“There is no guidance or set path after college,” says redditor u/InvictaVox in a thread on r/AskMen about growing older. When you’ve been spending most of your life in school, graduating one grade a year, you get used to steady forward progression. You might be able to hold onto that feeling at your first job. But in your early 20s, if you’re one of the lucky people who hasn’t yet had a major setback, you’re probably headed for your first.
From the age of 5 or even earlier, you enter a long program with a road map, laid out into years and semesters and modules. Sometimes you get a few choices within that road map; if you go to uni you get many choices. But you’re still on rails.
The educational system is set up to virtually guarantee progression for most who navigate it, including entrance to at least a university, if not your desired uni. For many people, it’s not until graduation that you’re finally at the full mercy of chance and timing.
Having a plan for your early adulthood, while admirable, is not the solution. It can be part of the problem. The solution is to be open to surprises and shocks and disappointments, and to keep forefront in your mind that temporary failure is not permanent failure.
Your first job search may turn up nothing remotely related to the career you want. If you do get a good job, you’re likely to leave it on someone else’s terms through a layoff or firing, and you might find yourself in a second job that doesn’t at all feel like forward progression from the first. You might find yourself still interning at 23, your skills undervalued or irrelevant, now that your success is measured by how much money it makes someone else, instead of actual benefit to the world.
If you’re lucky enough to get financial support from your family, you’ll feel like a failure. If you’re not lucky enough, you’ll have to take mediocre — or terrible — jobs that eat up the time you wanted to spend on your steady climb. And you’ll have to find new ways to get back on track, or to find a new track.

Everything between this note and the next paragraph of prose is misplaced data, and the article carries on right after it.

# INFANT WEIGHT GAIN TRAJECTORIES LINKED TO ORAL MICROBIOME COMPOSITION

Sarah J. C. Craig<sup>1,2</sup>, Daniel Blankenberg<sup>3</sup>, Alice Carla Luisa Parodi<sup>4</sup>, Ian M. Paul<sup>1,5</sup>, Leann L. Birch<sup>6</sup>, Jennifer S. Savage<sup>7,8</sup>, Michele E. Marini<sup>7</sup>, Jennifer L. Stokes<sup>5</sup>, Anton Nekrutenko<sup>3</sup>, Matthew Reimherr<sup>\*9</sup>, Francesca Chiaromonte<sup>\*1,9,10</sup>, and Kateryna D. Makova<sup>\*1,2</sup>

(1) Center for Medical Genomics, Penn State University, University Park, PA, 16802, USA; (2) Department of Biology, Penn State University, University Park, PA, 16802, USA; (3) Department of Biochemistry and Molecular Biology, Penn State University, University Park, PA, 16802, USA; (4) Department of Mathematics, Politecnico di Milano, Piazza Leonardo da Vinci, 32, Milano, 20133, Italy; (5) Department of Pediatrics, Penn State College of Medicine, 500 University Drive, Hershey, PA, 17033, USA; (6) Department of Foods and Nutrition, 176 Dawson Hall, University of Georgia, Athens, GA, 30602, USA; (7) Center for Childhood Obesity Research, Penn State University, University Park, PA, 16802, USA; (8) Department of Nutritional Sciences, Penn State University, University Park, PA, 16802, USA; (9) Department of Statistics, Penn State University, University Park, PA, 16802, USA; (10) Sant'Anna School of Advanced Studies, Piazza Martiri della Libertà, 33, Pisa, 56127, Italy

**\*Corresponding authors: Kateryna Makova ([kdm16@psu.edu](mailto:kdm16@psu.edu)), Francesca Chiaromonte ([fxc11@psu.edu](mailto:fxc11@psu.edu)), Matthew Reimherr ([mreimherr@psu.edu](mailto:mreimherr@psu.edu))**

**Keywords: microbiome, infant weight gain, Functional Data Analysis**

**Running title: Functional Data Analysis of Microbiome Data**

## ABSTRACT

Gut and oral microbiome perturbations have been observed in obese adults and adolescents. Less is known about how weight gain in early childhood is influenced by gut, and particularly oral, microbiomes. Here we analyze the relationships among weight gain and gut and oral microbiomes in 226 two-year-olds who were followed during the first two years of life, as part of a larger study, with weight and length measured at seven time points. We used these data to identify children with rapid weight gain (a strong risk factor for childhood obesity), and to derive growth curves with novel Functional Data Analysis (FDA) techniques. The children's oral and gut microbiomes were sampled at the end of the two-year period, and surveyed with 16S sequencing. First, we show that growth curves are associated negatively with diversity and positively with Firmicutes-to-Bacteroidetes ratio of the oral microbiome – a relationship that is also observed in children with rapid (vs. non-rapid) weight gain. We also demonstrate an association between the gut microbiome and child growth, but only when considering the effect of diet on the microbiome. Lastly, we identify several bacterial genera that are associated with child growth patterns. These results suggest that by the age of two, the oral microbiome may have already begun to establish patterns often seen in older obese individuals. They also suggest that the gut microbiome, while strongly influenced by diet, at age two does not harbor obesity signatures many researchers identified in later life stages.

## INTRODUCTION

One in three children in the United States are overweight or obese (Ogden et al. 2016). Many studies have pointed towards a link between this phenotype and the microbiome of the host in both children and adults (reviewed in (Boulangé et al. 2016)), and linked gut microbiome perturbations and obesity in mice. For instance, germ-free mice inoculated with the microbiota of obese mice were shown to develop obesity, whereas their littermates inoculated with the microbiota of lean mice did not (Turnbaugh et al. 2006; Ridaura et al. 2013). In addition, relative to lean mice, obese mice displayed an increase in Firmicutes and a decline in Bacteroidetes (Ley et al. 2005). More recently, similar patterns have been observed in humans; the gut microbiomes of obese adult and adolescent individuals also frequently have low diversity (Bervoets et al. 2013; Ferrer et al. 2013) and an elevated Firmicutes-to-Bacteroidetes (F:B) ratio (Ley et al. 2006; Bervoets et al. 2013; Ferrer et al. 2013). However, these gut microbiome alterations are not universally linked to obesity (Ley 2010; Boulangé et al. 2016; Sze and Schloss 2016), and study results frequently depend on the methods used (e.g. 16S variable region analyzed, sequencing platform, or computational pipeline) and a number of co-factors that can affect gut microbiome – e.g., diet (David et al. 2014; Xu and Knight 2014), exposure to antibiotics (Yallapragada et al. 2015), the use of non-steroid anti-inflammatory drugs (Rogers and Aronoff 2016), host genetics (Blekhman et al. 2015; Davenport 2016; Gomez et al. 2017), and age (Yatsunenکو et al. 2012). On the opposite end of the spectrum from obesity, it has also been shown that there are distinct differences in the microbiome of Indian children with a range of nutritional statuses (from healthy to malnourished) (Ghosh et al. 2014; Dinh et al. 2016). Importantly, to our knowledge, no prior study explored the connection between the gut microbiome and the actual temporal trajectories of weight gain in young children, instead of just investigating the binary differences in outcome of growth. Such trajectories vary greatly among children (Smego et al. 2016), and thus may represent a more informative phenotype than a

Even if things go well, you might fuck it up. For example, I didn’t have much of a plan for my post-student years, and then I got incredibly lucky. Before I even graduated, I scored a high-profile job as the founding editor of Valleywag, a now-defunct part of the Gawker Media blog network (which had recently launched Lifehacker). By the end of the year, I’d been fired. I immediately got interviews with several companies interested in hiring the “Valleywag kid”, but I thought I could hold out for the perfect opportunity. I spent the next three years unemployed and freelancing, quitting jobs the moment they bored me, always broke, borrowing money from friends and paying my rent late.
I’d accepted my early success as the next step up on a steady climb, and I refused anything that felt like a lateral move or a step down. My success at school gave me a huge ego and sense of entitlement that set me back for years.
That’s what I hope you can avoid, if you know that things are going to be hard. Your first setback will shake you, but the more you expect it, the better you can cope. Usually I’m not a fan of “late bloomer” stories — Harrison Ford was a struggling actor and part-time carpenter until 30, and so on — because they can teach the wrong lesson. But the right lesson is that successful people were often very unsuccessful at first. So when you hit the wall, be ready to eat shit, and do not think that means failure.
You’ll have to find your own way to internalize that lesson. But I can suggest one way: a series of fantasy novels. In my 20s, I wish I’d had the Magicians trilogy, a “Harry Potter for grownups” that uses magic as a metaphor for adult life. Gifted young magic-users graduate from a secret university, then find their skills woefully inadequate for the challenges of the “real world.” They’ve suddenly turned from students into adults, their authority figures helpless or vanished. They encounter an imminent physical threat — they can’t handle it. They encounter the ennui of privileged, unchallenging life in the normal world—they can’t handle that either. But they sacrifice; they grow; they learn to become adults. They find a path that satisfies, even if it wasn’t the one they wanted to be on.